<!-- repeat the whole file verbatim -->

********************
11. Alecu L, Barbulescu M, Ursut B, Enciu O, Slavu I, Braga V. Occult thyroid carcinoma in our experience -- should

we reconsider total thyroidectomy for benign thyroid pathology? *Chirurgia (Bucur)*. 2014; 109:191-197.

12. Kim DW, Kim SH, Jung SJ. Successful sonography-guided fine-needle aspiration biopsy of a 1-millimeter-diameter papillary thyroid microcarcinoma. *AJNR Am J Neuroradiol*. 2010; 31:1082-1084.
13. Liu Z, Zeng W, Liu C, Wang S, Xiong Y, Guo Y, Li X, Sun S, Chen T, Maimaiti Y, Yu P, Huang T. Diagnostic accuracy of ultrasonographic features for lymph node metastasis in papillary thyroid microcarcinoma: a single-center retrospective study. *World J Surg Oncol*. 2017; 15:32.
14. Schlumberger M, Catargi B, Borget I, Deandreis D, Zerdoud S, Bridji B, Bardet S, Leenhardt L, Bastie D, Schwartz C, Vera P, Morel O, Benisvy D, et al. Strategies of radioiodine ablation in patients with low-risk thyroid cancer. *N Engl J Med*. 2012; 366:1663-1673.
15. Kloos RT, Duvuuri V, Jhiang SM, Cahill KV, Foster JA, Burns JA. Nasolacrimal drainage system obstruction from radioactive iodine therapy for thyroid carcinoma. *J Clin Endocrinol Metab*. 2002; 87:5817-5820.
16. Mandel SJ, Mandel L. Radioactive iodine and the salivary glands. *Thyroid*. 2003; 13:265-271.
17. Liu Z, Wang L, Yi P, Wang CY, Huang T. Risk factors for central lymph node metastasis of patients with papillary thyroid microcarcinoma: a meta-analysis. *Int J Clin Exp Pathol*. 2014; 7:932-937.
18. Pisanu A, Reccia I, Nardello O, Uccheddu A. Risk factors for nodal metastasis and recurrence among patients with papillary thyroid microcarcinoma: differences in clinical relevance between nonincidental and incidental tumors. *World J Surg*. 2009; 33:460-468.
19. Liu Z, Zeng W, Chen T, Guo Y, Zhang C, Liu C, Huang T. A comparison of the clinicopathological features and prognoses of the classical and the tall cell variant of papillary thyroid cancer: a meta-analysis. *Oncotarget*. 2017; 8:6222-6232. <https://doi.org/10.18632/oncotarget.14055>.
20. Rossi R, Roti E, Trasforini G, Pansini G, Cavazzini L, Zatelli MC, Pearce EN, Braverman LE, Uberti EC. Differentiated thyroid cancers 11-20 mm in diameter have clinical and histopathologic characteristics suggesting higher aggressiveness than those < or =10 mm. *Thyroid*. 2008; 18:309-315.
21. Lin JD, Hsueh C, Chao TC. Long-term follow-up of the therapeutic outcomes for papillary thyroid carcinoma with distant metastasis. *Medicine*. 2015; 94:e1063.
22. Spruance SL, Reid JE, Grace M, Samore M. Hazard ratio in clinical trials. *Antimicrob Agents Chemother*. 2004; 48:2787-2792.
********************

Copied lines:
11. Alecu L, Barbulescu M, Ursut B, Enciu O, Slavu I, Braga V. Occult thyroid carcinoma in our experience -- should

we reconsider total thyroidectomy for benign thyroid pathology? *Chirurgia (Bucur)*. 2014; 109:191-197.

12. Kim DW, Kim SH, Jung SJ. Successful sonography-guided fine-needle aspiration biopsy of a 1-millimeter-diameter papillary thyroid microcarcinoma. *AJNR Am J Neuroradiol*. 2010; 31:1082-1084.
13. Liu Z, Zeng W, Liu C, Wang S, Xiong Y, Guo Y, Li X, Sun S, Chen T, Maimaiti Y, Yu P, Huang T. Diagnostic accuracy of ultrasonographic features for lymph node metastasis in papillary thyroid microcarcinoma: a single-center retrospective study. *World J Surg Oncol*. 2017; 15:32.
14. Schlumberger M, Catargi B, Borget I, Deandreis D, Zerdoud S, Bridji B, Bardet S, Leenhardt L, Bastie D, Schwartz C, Vera P, Morel O, Benisvy D, et al. Strategies of radioiodine ablation in patients with low-risk thyroid cancer. *N Engl J Med*. 2012; 366:1663-1673.
15. Kloos RT, Duvuuri V, Jhiang SM, Cahill KV, Foster JA, Burns JA. Nasolacrimal drainage system obstruction from radioactive iodine therapy for thyroid carcinoma. *J Clin Endocrinol Metab*. 2002; 87:5817-5820.
16. Mandel SJ, Mandel L. Radioactive iodine and the salivary glands. *Thyroid*. 2003; 13:265-271.
17. Liu Z, Wang L, Yi P, Wang CY, Huang T. Risk factors for central lymph node metastasis of patients with papillary thyroid microcarcinoma: a meta-analysis. *Int J Clin Exp Pathol*. 2014; 7:932-937.
18. Pisanu A, Reccia I, Nardello O, Uccheddu A. Risk factors for nodal metastasis and recurrence among patients with papillary thyroid microcarcinoma: differences in clinical relevance between nonincidental and incidental tumors. *World J Surg*. 2009; 33:460-468.
19. Liu Z, Zeng W, Chen T, Guo Y, Zhang C, Liu C, Huang T. A comparison of the clinicopathological features and prognoses of the classical and the tall cell variant of papillary thyroid cancer: a meta-analysis. *Oncotarget*. 2017; 8:6222-6232. <https://doi.org/10.18632/oncotarget.14055>.
20. Rossi R, Roti E, Trasforini G, Pansini G, Cavazzini L, Zatelli MC, Pearce EN, Braverman LE, Uberti EC. Differentiated thyroid cancers 11-20 mm in diameter have clinical and histopathologic characteristics suggesting higher aggressiveness than those < or =10 mm. *Thyroid*. 2008; 18:309-315.
21. Lin JD, Hsueh C, Chao TC. Long-term follow-up of the therapeutic outcomes for papillary thyroid carcinoma with distant metastasis. *Medicine*. 2015; 94:e1063.
22. Spruance SL, Reid JE, Grace M, Samore M. Hazard ratio in clinical trials. *Antimicrob Agents Chemother*. 2004; 48:2787-2792.